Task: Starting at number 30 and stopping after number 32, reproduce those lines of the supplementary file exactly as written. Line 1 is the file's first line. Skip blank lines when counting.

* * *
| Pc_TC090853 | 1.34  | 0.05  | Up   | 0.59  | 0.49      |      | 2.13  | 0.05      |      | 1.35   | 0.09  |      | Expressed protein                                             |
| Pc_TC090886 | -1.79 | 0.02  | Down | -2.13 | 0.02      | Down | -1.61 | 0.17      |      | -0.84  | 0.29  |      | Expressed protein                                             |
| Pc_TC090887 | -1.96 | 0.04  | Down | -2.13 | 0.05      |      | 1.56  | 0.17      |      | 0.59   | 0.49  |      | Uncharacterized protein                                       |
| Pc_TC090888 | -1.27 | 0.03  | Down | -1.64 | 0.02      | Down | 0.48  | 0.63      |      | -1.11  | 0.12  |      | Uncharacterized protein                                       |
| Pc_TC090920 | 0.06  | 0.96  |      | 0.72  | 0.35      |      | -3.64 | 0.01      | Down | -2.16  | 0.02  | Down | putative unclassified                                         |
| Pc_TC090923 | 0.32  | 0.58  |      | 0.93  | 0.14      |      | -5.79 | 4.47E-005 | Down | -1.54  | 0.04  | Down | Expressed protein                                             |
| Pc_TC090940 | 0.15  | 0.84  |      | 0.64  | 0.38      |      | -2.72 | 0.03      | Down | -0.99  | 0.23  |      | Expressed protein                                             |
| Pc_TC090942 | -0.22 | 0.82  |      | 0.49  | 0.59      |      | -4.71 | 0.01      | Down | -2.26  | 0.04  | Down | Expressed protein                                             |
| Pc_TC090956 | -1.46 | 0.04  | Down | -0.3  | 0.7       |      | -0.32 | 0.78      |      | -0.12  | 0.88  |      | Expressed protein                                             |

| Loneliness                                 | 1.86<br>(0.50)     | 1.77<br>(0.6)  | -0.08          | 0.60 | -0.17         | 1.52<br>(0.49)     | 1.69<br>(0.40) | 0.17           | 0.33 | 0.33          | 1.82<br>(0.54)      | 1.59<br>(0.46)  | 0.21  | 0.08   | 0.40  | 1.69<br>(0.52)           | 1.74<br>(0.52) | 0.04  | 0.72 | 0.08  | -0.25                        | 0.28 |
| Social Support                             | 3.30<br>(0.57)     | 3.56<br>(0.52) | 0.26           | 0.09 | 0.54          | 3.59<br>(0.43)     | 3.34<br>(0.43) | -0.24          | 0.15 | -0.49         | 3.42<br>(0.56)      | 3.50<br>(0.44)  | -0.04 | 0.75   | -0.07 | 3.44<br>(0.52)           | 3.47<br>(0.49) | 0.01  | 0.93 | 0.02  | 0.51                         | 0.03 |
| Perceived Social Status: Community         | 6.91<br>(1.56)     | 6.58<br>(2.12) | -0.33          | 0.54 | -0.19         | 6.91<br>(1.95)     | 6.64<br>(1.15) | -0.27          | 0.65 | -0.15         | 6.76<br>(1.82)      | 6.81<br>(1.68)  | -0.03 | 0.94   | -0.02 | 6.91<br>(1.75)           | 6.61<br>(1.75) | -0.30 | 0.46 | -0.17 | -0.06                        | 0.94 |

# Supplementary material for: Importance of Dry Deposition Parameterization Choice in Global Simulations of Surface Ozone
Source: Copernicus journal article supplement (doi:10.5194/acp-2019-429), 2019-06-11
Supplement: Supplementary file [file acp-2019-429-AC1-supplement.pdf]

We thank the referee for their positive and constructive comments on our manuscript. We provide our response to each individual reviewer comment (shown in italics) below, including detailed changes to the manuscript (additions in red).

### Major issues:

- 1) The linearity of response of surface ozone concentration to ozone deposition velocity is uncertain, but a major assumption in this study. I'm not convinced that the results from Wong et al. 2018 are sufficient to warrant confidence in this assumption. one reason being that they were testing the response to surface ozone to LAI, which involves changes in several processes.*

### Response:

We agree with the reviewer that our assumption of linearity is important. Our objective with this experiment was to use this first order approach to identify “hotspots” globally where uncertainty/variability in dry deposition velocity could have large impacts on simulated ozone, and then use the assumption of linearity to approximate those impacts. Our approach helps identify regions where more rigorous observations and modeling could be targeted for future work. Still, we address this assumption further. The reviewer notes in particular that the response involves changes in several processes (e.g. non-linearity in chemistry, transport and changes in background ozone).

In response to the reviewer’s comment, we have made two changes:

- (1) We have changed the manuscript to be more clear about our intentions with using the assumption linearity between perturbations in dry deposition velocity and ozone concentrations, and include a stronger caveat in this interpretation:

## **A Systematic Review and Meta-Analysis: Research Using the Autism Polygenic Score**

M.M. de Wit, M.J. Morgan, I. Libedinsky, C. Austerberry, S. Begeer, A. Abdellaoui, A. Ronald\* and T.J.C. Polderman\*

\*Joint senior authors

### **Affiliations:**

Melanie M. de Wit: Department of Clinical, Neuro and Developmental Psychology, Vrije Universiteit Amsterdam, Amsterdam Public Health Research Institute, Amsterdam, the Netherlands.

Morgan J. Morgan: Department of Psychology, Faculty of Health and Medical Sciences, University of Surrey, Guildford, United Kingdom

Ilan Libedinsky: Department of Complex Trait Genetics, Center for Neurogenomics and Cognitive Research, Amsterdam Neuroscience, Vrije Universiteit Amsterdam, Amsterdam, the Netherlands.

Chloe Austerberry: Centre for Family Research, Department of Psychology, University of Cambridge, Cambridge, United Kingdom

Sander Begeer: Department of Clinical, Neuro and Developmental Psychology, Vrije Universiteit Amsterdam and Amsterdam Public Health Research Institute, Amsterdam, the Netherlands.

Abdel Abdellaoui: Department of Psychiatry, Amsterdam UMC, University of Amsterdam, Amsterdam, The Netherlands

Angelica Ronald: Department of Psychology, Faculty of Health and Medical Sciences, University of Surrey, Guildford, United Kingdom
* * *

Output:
Chloe Austerberry: Centre for Family Research, Department of Psychology, University of Cambridge, Cambridge, United Kingdom

Sander Begeer: Department of Clinical, Neuro and Developmental Psychology, Vrije Universiteit Amsterdam and Amsterdam Public Health Research Institute, Amsterdam, the Netherlands.

Abdel Abdellaoui: Department of Psychiatry, Amsterdam UMC, University of Amsterdam, Amsterdam, The Netherlands